Mutants, Milk and Calcium

I’m a mutant, and I’m happy about it. Mutants like me (you may be a mutant too) continue producing an enzyme called lactase as an adult. Lactase is the digestive enzyme which allows infants to digest mother’s milk, specifically the carbohydrate lactose (milk sugar), but most humans (and other mammals) lose the ability to produce lactase as they age. A genetic mutation, it appears, keeps my lactase “factory” working overtime, whereas most adult mammals, including most adult people, become lactose intolerant to some degree.

If you’re surprised to learn that most of the world’s adult population cannot digest milk effectively it’s probably because you belong to an ethnic group of fellow mutants, and perceive lactose intolerance to be rare. Populations originating in Northern Europe, for instance, have a low rate of lactose intolerance, and so do Tutsi and Fulani people in Africa, and the Bedouins in the Middle East. But, a high percentage of Native Americans, Alaskan Inuit, African Bantu, African Americans, Hispanics, and billions of people with roots in Asia cannot effectively digest milk in adulthood.

This brings me, in a round-about way, to calcium, because when you think of calcium you probably think of milk. But, what do you think about if milk causes bloating, abdominal pain, and worse. Here are some interesting facts about calcium:

  • You probably think building strong bones is the most important thing about calcium, but that’s not true. In fact, calcium is so important to other processes like brain and nerve function and muscle contraction (including your heart muscle) that your body “borrows” calcium from your bones if you don’t get enough in your diet. It’s the borrowing that results in osteoporosis.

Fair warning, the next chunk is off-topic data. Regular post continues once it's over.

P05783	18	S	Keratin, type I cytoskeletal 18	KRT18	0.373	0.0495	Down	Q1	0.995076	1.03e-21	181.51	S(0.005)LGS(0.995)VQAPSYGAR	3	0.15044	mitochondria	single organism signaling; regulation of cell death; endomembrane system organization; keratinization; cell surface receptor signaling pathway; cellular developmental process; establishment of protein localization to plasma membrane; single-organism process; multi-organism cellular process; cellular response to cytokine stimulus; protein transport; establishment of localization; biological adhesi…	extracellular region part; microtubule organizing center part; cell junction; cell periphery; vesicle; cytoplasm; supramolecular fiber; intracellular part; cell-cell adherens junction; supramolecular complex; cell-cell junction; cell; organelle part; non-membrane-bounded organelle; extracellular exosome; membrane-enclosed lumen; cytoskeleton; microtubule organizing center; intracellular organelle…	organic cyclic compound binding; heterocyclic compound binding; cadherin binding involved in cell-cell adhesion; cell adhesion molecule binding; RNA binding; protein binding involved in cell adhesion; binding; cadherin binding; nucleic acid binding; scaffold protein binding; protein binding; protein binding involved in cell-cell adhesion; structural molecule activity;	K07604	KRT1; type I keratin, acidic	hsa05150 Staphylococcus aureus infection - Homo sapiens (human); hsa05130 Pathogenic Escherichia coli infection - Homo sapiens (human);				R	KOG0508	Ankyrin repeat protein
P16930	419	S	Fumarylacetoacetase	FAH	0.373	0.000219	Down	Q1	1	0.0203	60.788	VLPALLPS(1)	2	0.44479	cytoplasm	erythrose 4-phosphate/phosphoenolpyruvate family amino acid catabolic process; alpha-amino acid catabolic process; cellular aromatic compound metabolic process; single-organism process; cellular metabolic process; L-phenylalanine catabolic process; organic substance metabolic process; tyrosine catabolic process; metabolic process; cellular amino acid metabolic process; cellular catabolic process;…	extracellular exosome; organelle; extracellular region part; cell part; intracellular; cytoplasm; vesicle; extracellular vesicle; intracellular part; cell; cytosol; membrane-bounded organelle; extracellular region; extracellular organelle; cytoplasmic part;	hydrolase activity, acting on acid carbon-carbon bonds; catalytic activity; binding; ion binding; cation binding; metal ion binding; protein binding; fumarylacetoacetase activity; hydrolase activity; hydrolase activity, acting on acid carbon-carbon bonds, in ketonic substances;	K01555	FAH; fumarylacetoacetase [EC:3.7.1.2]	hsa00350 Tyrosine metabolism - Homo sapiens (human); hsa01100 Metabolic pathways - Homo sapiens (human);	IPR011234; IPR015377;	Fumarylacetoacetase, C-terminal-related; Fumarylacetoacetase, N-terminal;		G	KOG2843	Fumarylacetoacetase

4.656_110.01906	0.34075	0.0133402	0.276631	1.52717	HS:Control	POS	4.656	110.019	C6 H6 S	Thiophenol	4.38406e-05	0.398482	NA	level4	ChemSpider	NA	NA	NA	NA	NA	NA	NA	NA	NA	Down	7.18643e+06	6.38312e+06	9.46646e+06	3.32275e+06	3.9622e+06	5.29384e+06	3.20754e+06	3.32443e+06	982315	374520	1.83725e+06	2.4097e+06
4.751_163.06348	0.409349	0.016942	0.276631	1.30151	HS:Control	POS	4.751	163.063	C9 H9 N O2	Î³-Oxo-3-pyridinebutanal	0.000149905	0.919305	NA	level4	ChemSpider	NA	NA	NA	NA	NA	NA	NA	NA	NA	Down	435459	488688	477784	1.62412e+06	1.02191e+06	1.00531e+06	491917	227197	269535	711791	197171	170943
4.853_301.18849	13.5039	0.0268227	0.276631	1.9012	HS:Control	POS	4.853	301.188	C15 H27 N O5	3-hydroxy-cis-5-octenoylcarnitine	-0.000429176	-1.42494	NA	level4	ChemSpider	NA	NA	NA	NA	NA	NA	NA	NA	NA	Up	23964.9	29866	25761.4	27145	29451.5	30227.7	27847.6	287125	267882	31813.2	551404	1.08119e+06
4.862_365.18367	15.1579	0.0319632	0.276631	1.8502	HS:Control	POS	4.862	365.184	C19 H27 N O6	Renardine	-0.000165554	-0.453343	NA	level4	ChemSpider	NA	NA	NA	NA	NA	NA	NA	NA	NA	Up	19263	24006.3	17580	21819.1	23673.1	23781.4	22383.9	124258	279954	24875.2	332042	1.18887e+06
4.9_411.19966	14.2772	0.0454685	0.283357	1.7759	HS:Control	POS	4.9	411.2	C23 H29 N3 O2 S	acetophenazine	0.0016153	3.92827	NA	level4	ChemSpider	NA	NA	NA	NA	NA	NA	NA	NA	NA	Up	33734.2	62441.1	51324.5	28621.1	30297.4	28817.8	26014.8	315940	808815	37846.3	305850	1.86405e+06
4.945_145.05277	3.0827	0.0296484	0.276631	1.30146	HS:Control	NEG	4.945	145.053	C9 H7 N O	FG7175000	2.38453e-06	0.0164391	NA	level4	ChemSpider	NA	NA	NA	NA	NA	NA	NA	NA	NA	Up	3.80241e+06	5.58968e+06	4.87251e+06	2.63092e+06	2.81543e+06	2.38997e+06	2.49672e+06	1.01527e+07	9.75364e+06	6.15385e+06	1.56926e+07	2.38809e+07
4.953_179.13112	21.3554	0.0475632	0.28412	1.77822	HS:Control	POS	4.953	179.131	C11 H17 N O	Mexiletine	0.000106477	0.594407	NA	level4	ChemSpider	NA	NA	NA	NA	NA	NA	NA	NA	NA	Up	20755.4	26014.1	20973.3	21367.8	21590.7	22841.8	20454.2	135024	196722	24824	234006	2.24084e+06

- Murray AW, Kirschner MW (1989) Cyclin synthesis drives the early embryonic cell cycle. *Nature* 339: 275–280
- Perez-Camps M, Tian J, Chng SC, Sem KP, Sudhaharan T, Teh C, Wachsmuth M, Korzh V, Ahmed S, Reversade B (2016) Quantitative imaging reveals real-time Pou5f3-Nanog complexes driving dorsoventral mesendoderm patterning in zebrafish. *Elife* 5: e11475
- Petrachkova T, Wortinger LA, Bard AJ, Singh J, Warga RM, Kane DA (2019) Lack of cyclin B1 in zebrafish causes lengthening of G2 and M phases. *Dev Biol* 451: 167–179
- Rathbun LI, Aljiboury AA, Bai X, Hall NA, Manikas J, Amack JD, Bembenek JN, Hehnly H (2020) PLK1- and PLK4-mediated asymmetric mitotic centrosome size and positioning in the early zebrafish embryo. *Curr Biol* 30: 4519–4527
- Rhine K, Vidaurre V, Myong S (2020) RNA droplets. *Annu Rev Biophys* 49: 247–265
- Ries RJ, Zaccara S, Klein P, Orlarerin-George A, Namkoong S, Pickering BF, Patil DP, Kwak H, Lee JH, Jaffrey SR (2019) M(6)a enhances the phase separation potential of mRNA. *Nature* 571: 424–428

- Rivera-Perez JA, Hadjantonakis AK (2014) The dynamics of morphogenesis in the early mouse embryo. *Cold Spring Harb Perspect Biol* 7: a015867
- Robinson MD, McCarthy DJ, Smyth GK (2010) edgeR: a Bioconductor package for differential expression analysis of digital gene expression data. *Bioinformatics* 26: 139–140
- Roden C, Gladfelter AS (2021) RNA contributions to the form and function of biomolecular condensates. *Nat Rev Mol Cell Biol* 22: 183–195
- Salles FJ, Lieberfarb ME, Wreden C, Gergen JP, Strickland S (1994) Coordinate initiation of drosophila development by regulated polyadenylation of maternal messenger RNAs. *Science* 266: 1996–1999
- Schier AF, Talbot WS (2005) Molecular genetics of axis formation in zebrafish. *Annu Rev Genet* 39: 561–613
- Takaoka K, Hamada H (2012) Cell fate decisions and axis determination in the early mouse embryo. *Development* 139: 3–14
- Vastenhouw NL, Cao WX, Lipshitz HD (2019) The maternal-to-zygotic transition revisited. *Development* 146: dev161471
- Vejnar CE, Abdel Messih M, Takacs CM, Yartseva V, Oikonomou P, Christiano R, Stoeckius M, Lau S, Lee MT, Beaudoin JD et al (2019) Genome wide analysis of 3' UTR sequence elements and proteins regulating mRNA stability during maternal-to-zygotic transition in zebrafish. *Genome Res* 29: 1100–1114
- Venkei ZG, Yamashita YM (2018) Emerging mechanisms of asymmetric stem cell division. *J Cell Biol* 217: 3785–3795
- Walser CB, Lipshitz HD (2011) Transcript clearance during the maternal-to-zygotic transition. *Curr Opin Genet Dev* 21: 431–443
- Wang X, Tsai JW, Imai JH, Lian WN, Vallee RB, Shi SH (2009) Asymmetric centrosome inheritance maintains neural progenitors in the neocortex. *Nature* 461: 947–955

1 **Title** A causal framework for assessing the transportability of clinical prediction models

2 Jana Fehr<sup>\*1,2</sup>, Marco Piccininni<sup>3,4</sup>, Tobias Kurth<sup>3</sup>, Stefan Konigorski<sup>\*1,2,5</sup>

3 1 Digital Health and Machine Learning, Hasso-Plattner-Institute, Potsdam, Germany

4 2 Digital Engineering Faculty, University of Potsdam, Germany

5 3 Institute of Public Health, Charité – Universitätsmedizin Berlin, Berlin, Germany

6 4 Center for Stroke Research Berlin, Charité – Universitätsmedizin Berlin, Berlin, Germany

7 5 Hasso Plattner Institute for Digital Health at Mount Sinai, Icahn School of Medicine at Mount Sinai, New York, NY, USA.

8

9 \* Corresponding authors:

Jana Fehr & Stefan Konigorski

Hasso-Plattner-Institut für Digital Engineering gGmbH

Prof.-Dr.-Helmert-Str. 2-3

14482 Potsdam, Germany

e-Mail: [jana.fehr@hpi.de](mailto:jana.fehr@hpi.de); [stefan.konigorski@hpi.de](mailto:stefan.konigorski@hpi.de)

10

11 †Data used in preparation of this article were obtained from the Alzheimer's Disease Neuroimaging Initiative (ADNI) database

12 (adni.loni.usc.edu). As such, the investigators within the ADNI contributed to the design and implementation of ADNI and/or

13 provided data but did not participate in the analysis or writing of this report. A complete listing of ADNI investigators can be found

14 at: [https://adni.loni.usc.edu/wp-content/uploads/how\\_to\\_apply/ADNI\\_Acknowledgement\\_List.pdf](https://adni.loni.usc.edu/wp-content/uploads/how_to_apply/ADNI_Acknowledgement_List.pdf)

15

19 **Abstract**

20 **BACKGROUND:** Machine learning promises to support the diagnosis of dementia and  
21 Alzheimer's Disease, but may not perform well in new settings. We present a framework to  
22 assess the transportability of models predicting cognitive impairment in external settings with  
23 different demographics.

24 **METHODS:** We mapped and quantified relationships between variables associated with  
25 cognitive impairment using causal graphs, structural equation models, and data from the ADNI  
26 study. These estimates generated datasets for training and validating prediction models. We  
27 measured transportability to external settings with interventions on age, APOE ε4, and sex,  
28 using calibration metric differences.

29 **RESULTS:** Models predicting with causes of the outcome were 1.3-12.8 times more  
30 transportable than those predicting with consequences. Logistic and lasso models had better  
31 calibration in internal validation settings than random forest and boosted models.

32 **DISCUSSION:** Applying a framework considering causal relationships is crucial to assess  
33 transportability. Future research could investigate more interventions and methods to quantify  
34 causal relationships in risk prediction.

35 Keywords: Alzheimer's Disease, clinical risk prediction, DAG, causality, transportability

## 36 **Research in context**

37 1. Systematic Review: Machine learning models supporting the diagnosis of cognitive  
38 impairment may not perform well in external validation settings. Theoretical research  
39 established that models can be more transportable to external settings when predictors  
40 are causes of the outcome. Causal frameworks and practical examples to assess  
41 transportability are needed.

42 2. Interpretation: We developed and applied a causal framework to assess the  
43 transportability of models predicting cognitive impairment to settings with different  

• People with lactose intolerance can get calcium from a variety of foods, including cheese (the lactose is consumed by cheese-making microorganisms). Non-dairy foods include collards and other dark greens, canned salmon (if you eat the bones), black-eyes peas, oranges, and a variety of foods fortified with calcium including alternative milks (soy milk, almond milk, etc.).
  • Taking a calcium supplement can be an effective way to be certain you get an adequate amount daily – 1000 milligrams after age 19 going to 1200 mg for women older than 50 and men older than 70. Calcium citrate is the most readily absorbed form, but you cannot absorb more than 500 mg of calcium at any one time (food plus supplement) so purchase calcium supplements in smaller doses so you can spread your doses.

Finally, if you’re a mutant like me don’t forget that lactose is a carbohydrate, and important consideration when managing diabetes.

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